• The effects of global warming on the timescale of human lifetimes are irreversible, are happening now and will continue to worsen in decades to come: ‘The removal of human-emitted CO2 from the atmosphere by natural processes will take a few hundred thousand years (high confidence). Depending on the RCP scenario considered, about 15 to 40% of emitted CO2 will remain in the atmosphere longer than 1,000 years. This very long time required by sinks to remove anthropogenic CO2 makes climate change caused by elevated CO2 irreversible on human time scale. {Box 6.1}’”
  • But it IS stoppable. Recent public discussions of ’12 years’ (now 10 years) point to having a limited window before some of the worst effects of global warming and climate change become locked-in. In reality, the effects are a continuum and many things like ice sheet mass losses and subsequent sea-level rise will still occur for centuries and millennia to come, due to the human burning of fossil fuels to date. But just as when you’re in a well that the stoppage of digging makes the well stop getting deeper, so too is it true that time yet remains to make a difference, for those generations yet to come.”

 

RELATED CONTENT: Learn how to conduct a Household Environmental Audit.

3. Make it Personal

Connect the realities of climate change to their daily lives.

get personal about climate changeStop posting pictures of polar bears. It’s sad, but the unfortunate truth is that discussing the plight of the most climate-vulnerable animals, like polar bears, does not have the effect we intend it to. So what does have an effect?

The Australian wildfires were horrific. The sight of wildfires destroying an entire continent resonated with people because it was PERSONAL. Seeing people running toward the beach for sanctuary with red skies in the background was PERSONAL. Watching kind souls rescue koalas from burning alive was PERSONAL. People lost their homes and their lives. One billion animals were lost. That figure is mind-boggling. I still can’t fathom it.

People Losing Their Homes is Personal.

In the United States, midwesterners are experiencing historic floods, 20-year rains are happening every year, some areas are in severe drought, the southeast is getting hurricanes no one has ever seen before. This is real and it’s happening right now.

Lastly, the elephant in the room is PHYTOPLANKTON. Phytoplankton produce about 60% of the planet’s oxygen. There’s already some indication that warming oceans are killing phytoplankton. What happens when 60% of our oxygen goes? It won’t be sea-level rise that kills us. It will be oxygen deprivation. THAT’S PERSONAL.

4. Accept Cognitive Dissonance

Cognitive dissonance is real y’all and we all have it.

cognitive dissonance climate changeSo what is cognitive dissonance? It’s a psychological theory first investigated by Leon Festinger. Festinger discovered that people are prone to have “conflicting attitudes, beliefs or behaviors” to reduce their own discomfort. In simple terms, we know something intellectually, but we reduce the importance of that belief to relieve our psyche. We find ways to justify behaviors, instead of acknowledging it.

The Scientific Community Needs to Communicate More Than Just Science. 

We all do it, to various degrees. We don’t exercise when we know we should, we smoke, we lie, we buy $5 shirts made in sweatshops, we buy meat from animals kept and slaughtered cruelly, we buy SUVs despite the environmental cost.

Our own death is the ultimate cognitive dissonance. We all know that we’re going to die, but we don’t want to acknowledge it. YES, I JUST WENT THERE. It’s uncomfortable right?

So what does cognitive dissonance and climate change have in common? We know that 90%+ of scientists agree that climate change is happening and the causes of climate change are from human activity. The remaining scientists who dispute climate change typically work for the oil and gas industry. Yet, depending on one’s belief system they will doubt this consensus.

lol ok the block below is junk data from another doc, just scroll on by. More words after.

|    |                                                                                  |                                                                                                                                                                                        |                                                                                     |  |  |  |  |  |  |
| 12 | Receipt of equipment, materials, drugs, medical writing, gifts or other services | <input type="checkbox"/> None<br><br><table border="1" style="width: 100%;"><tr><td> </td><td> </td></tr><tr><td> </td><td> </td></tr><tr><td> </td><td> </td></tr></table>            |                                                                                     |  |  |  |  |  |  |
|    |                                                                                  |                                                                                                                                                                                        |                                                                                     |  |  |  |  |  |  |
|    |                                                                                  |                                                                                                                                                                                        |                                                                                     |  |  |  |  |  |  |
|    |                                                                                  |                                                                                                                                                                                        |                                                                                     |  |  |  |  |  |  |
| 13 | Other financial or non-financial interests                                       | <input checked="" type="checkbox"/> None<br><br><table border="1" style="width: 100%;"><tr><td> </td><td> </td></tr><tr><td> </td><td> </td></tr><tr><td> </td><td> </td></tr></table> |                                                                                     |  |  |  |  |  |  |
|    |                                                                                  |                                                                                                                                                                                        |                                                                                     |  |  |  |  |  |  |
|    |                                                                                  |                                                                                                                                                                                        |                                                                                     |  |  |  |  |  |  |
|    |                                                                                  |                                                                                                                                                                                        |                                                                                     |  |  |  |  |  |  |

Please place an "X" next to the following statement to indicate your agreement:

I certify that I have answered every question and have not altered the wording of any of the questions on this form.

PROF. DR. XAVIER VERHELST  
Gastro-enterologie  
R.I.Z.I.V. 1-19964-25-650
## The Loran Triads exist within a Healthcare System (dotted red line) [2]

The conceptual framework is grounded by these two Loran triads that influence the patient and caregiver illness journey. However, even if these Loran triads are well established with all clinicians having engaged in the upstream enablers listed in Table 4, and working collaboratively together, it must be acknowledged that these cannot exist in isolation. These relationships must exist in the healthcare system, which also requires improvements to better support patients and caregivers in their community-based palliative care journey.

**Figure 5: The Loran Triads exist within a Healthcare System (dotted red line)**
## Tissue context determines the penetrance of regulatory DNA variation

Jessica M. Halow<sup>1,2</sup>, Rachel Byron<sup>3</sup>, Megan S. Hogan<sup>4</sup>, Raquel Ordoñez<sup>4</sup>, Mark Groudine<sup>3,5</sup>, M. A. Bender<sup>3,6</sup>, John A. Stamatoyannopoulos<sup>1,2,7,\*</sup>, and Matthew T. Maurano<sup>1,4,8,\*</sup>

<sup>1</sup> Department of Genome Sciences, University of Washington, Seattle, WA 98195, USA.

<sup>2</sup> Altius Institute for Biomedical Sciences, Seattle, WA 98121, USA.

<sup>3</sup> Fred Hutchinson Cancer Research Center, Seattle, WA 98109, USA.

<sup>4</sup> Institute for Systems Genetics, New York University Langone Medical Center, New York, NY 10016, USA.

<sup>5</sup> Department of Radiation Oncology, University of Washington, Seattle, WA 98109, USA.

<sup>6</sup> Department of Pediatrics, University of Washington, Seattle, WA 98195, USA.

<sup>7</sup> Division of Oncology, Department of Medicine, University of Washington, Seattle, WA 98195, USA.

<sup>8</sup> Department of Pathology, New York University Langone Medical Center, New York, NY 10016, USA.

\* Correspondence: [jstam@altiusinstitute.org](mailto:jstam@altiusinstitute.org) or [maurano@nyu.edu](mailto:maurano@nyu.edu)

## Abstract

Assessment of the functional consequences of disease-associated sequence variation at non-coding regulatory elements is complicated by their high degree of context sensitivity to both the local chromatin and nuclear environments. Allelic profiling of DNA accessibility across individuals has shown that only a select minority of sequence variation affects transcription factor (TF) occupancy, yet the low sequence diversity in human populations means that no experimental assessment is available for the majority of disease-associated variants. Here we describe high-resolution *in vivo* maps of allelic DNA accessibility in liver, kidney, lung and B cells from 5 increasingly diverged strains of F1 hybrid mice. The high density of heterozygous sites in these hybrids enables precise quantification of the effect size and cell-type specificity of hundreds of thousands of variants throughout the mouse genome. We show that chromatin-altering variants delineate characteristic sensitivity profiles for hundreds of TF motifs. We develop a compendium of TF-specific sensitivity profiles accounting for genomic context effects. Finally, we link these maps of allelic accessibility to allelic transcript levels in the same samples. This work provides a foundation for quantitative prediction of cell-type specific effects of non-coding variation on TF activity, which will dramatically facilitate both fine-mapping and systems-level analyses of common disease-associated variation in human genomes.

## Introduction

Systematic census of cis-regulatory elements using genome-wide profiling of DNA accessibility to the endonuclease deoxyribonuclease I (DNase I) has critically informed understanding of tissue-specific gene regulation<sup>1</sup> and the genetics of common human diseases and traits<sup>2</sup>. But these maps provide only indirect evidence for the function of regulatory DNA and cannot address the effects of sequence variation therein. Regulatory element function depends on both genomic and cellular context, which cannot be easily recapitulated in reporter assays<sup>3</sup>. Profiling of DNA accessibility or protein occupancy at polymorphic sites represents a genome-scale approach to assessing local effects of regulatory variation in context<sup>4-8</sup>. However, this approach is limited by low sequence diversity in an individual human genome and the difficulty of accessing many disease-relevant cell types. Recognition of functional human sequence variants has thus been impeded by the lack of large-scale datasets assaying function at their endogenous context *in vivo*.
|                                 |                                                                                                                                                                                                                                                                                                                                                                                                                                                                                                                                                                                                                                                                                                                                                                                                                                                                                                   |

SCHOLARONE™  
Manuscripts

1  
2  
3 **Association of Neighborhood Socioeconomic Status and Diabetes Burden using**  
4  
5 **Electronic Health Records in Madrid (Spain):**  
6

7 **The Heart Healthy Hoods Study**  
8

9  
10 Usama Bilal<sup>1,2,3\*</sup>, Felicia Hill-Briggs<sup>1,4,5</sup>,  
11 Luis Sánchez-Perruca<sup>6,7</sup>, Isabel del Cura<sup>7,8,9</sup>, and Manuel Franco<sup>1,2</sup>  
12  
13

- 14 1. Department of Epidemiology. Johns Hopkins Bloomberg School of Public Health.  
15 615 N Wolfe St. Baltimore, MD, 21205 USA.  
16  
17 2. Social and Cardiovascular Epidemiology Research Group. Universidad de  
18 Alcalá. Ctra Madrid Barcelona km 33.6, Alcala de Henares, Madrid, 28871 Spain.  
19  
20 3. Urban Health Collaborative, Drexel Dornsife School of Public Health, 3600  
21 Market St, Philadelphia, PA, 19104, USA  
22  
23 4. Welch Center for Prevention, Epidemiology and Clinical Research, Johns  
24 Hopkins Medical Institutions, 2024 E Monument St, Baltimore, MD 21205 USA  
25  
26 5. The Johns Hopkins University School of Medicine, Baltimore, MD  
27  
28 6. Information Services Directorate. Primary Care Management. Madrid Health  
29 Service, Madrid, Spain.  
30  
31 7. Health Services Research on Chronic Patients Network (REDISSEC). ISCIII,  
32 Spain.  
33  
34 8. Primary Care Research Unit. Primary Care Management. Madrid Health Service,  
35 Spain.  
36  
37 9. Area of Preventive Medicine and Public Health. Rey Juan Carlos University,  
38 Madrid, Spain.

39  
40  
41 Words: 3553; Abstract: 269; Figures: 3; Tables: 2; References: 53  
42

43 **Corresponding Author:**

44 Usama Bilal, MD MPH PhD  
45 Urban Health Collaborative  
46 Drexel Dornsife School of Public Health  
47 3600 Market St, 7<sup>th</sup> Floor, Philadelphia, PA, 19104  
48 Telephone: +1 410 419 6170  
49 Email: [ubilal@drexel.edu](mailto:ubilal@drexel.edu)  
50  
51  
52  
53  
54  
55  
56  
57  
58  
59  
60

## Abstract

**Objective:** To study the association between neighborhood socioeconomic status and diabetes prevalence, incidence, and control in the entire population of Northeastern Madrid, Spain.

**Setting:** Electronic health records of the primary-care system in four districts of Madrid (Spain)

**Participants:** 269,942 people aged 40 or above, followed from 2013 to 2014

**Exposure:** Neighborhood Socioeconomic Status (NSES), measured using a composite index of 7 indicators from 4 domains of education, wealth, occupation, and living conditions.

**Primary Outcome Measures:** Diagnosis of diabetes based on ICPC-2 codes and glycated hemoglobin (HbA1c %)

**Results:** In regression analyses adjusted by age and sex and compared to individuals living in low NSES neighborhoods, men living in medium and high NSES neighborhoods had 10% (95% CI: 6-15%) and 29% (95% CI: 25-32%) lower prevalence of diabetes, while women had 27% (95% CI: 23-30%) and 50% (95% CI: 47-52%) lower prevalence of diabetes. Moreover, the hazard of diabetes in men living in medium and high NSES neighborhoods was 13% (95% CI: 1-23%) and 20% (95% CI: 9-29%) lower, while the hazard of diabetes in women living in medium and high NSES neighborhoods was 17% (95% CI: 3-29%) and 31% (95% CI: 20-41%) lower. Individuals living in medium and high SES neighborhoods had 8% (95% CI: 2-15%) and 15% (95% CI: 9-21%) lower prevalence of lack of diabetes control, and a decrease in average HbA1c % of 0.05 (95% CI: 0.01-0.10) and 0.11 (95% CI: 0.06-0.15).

A 2012 study suggested that the scientific community needs to communicate more than “scientific evidence.” “It also has to create a climate of deliberations in which no group perceives that accepting any piece of evidence is akin to betrayal of their cultural group.”

5. Find What You Agree On

Even if someone cannot be convinced about the causes of climate change, they typically do agree on something.

find what you agree on climate change

  • Our current culture is TOO disposable. Remind people of how our grandparents lived (minus the racism and sexism of course). My grandmother cleaned up messes with cloth towels, put bread in the freezer, and mended her clothes. Most people can relate to this and agree that reusables are better than disposables.
  • People have an idealized view of what life used to be like in the mid-20th century. Before the United States Environmental Protection Agency (U.S. EPA) was created, pollution was legal. You can see these vintage photos of what the United States looked like before pollution was regulated. It’s important to remind people that the good ole’ days weren’t necessarily good.
  • EVERYONE wants clean water, clean air, and good food to eat. THIS IS COMMON GROUND.
  • Remind people of what their children and grandchildren will face when they’re gone. We all want our children to have a better life than we did.
  • Appeal to their religious or intellectual beliefs. As a Christian, I believe God has charged us to be good stewards of his creation. This is a value that people from various backgrounds share.

 

RELATED CONTENT: Learn How To Go Zero Waste When You’re Broke.

6. Discuss What They Can Do as Individuals for Climate Change Mitigation

individual actions climate change

When someone talks about systemic change (change on governmental or corporate levels) people’s eyes glaze over. In public administration, climate change is what’s known as a “wicked problem.” Theorists Horst Rittel and Melvin M. Webber first used the term “wicked problem” to refer to problems that were unsolvable, hard to define, unique, lack criteria. The list goes on. Thnk world peace, hunger, poverty, and now…climate change.

People want to know WHAT THEY CAN DO as individuals to help. We can control our behavior as individuals easier than we can solve “wicked problems.” Ultimately the only way we will slow down climate change will be at the governmental level through voting for climate-friendly candidates, running for offices ourselves, and supporting policies for renewable energy.

However, getting people to acknowledge their part in the climate crisis is the first step to systemic change. Listed below are 16 things we as individuals can do to mitigate climate change.